In algebra, the distributive property states that x(y + z) = xy + xz. This means multiplying a number or variable at the front of a parenthetical set is equivalent to multiplying that number or variable to the individual terms inside, then carrying out their assigned operation. Note this also works when the interior operation is subtraction. A whole number example of this property would be 3(2x + 4) = 6x + 12.
Follow the rules of multiplying and adding fractions to solve distributive property problems with fractions. Multiply two fractions by multiplying the two numerators, then the two denominators and simplifying if possible. Multiply a whole number and fraction by multiplying the whole number to the numerator, keeping the denominator and simplifying. Add two fractions or a fraction and a whole number by finding a least common denominator, converting the numerators and performing the operation.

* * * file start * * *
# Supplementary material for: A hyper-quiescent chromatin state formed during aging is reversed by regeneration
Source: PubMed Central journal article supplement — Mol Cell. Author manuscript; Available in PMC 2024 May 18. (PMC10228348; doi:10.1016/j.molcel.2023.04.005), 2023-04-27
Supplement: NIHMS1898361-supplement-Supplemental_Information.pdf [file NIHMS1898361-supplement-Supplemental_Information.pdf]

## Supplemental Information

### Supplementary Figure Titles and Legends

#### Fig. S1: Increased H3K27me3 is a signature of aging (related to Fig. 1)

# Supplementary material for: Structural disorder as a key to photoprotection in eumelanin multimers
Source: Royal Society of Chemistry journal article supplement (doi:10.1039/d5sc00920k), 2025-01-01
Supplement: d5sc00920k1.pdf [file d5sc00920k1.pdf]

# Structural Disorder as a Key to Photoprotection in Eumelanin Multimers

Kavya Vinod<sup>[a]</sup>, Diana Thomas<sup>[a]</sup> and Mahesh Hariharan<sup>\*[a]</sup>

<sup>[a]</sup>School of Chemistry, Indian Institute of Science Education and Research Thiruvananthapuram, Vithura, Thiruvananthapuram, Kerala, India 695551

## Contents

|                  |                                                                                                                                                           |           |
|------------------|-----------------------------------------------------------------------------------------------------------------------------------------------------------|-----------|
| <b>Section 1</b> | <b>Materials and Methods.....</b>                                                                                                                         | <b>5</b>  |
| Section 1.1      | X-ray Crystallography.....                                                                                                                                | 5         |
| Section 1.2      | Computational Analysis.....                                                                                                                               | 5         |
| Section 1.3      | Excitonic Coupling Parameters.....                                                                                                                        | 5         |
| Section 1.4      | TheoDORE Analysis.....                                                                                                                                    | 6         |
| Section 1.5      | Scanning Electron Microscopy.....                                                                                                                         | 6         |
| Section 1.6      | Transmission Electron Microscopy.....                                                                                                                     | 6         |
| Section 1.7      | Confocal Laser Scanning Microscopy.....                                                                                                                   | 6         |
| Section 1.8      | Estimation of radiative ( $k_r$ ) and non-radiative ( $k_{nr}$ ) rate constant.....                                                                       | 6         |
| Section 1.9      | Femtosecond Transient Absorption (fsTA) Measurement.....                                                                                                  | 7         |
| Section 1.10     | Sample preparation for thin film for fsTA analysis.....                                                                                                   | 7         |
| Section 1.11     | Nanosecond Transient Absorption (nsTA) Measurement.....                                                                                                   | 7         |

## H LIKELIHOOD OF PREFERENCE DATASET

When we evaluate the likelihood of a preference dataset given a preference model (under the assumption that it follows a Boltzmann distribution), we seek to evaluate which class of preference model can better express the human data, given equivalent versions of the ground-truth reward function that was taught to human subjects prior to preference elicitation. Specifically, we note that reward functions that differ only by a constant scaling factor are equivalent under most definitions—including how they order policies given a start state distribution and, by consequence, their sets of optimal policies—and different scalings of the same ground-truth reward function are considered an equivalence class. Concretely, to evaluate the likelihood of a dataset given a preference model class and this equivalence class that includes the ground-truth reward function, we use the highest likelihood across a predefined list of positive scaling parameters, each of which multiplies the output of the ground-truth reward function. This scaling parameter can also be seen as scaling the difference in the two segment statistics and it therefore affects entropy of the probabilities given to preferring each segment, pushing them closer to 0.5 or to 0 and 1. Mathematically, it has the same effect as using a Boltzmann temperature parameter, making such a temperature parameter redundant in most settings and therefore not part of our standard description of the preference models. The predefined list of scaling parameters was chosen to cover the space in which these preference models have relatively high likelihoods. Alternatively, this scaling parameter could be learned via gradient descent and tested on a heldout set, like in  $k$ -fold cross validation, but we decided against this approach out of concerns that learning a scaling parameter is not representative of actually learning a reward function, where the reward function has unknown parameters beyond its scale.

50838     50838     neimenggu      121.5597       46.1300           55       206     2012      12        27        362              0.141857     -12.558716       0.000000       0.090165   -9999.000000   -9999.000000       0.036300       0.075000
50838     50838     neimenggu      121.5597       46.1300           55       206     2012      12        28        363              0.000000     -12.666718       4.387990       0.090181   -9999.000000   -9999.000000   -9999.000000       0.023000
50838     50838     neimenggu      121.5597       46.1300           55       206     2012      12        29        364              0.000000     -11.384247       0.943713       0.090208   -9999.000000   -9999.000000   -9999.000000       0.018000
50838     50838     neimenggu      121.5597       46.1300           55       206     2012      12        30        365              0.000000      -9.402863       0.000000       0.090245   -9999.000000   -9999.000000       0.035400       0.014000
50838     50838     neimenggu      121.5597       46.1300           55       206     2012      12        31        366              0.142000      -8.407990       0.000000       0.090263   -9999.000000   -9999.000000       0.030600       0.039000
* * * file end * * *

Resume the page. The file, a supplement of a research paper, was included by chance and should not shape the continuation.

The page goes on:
Here is an example of using the distributive property with fractions: (1/4)((2/3)x + (2/5)) = 12. Rewrite the expression with the leading fraction distributed: (1/4)(2/3x) + (1/4)(2/5) = 12. Perform the multiplications, pairing numerators and denominators: (2/12)x + 2/20 = 12. Simplify the fractions: (1/6)x + 1/10 = 12.
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Subtract 1/10 from both sides: (1/6)x = 12 - 1/10. Find the least common denominator to perform the subtraction. Since 12 = 12/1, simply use the 10 as the common denominator: ((12 * 10) / 10) - 1/10 = 120 / 10 - 1/10 = 119 / 10. Rewrite the equation as (1/6)x = 119/10. Divide the fraction to simplify: (1/6)x = 11.9.
Multiply 6, the inverse of 1/6, to both sides to isolate the variable: x = 11.9 * 6 = 71.4.